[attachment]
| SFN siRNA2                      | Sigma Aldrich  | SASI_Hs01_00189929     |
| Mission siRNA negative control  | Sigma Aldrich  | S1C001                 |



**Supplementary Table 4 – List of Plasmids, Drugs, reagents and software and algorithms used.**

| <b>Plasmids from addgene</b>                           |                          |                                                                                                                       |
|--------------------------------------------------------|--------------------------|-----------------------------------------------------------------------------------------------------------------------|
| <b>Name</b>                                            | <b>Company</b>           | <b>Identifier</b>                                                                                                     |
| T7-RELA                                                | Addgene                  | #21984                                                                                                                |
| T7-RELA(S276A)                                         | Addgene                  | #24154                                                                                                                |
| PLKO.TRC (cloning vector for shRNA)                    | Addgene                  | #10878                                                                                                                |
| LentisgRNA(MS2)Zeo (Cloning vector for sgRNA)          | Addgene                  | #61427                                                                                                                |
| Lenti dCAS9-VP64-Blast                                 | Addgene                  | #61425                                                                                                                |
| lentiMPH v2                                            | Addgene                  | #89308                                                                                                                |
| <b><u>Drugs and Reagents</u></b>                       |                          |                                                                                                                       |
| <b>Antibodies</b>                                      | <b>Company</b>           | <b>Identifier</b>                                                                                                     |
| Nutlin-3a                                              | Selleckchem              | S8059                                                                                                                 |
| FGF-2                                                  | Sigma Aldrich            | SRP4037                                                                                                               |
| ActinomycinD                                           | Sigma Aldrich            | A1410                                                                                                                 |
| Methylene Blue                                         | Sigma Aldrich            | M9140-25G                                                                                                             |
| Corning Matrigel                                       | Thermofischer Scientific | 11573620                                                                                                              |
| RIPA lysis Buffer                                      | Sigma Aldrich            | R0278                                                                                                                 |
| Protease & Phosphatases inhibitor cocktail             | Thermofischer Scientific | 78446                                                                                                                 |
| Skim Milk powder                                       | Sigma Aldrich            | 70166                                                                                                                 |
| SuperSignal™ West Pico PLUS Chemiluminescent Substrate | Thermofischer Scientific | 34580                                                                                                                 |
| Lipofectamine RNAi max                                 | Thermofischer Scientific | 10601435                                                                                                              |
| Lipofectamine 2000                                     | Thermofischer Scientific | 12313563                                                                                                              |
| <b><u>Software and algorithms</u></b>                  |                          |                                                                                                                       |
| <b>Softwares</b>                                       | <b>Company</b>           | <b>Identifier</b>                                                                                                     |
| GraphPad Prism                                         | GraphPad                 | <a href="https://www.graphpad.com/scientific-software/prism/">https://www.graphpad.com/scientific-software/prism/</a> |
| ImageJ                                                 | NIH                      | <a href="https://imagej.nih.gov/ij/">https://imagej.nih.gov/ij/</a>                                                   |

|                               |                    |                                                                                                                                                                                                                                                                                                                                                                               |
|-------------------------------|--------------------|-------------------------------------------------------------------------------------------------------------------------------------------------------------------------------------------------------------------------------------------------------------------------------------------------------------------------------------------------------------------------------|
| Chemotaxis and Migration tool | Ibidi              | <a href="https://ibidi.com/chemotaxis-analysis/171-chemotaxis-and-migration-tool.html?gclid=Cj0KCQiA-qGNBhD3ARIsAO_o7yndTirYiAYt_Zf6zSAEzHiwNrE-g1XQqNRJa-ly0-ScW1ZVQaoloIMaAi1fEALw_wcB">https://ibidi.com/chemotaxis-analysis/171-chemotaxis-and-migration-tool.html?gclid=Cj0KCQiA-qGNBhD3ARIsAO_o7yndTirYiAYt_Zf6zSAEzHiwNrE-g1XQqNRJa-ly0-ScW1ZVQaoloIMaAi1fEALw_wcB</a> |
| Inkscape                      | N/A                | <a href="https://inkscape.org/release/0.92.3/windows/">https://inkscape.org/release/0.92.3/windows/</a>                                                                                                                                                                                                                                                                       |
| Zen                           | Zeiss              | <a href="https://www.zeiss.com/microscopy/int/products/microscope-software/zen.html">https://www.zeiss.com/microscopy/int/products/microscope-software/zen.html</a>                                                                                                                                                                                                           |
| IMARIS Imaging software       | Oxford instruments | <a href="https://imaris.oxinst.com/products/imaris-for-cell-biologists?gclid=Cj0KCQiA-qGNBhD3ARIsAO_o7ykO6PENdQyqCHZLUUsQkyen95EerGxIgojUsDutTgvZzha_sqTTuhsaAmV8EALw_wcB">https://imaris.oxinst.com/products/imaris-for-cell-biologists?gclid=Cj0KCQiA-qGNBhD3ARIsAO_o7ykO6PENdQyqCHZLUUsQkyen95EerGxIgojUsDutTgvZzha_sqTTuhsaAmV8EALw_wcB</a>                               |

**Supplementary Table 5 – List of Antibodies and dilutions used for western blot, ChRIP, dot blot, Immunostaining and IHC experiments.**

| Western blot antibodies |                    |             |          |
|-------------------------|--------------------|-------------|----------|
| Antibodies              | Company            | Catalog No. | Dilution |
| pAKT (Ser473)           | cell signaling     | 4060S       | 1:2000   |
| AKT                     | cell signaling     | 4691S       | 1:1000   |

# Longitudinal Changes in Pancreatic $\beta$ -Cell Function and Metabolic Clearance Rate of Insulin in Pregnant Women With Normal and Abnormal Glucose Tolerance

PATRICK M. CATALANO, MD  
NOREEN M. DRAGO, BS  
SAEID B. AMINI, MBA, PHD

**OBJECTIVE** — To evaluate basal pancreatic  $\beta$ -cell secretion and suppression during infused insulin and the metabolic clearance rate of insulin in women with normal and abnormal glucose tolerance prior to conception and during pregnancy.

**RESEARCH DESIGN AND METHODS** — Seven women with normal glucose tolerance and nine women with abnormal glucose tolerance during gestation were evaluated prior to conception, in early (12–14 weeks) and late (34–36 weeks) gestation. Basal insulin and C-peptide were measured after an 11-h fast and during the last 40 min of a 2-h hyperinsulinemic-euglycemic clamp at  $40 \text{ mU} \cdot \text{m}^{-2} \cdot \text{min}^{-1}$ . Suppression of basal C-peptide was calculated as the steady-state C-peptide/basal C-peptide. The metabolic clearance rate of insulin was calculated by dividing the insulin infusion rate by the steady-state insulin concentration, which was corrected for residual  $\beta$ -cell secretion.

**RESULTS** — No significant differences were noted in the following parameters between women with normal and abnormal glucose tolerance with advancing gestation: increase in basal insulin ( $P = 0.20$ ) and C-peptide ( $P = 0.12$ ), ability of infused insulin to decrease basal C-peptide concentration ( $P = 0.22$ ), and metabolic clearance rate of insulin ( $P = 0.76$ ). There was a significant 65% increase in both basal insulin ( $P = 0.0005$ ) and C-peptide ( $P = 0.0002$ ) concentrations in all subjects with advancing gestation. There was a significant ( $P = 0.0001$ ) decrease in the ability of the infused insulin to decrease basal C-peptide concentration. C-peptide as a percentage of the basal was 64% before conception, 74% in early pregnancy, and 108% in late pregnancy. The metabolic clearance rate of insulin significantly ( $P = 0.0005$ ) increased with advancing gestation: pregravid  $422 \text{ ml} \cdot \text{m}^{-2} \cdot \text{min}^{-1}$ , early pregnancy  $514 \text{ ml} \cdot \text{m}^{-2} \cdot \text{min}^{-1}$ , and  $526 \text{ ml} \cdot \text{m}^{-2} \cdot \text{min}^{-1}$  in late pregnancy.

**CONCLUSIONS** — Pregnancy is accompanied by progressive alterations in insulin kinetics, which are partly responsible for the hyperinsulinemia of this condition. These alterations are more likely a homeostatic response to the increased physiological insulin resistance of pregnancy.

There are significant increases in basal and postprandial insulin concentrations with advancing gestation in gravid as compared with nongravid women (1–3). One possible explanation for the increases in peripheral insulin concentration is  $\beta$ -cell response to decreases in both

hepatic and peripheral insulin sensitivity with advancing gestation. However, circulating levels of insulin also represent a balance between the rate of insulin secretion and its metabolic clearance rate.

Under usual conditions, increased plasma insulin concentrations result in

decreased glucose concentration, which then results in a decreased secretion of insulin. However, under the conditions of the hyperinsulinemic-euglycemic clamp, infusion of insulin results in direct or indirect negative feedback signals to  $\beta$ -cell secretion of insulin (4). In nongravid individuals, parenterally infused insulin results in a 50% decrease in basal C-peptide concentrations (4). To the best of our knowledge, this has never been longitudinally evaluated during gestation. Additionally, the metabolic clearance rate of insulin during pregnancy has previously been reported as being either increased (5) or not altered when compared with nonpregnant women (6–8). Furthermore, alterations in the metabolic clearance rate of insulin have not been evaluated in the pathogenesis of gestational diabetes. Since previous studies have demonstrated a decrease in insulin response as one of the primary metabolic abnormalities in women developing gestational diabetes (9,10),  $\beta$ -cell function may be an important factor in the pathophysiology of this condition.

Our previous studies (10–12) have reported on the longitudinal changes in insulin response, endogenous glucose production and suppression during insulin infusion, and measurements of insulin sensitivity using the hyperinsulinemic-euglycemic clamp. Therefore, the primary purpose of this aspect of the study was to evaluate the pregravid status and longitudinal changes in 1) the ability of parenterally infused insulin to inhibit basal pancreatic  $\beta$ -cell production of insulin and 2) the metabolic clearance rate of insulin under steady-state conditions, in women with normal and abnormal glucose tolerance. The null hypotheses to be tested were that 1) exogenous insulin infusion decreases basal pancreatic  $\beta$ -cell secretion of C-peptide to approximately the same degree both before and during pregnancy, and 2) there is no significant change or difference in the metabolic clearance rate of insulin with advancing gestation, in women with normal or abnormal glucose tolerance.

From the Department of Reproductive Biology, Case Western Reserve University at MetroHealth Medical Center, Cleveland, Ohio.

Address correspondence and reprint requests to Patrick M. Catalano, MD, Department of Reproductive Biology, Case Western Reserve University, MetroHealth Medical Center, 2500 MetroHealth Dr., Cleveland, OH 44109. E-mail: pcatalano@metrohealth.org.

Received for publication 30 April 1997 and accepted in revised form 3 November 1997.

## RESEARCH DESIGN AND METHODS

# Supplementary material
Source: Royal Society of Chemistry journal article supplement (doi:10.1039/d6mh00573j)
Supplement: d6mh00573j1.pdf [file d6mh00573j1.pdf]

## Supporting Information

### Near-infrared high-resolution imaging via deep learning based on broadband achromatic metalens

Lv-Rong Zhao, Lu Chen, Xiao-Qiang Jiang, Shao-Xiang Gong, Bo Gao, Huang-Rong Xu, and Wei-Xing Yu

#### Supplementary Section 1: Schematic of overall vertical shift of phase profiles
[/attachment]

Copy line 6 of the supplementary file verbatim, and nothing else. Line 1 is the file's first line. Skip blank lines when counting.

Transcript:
| <b>Name</b>                                            | <b>Company</b>           | <b>Identifier</b>                                                                                                     |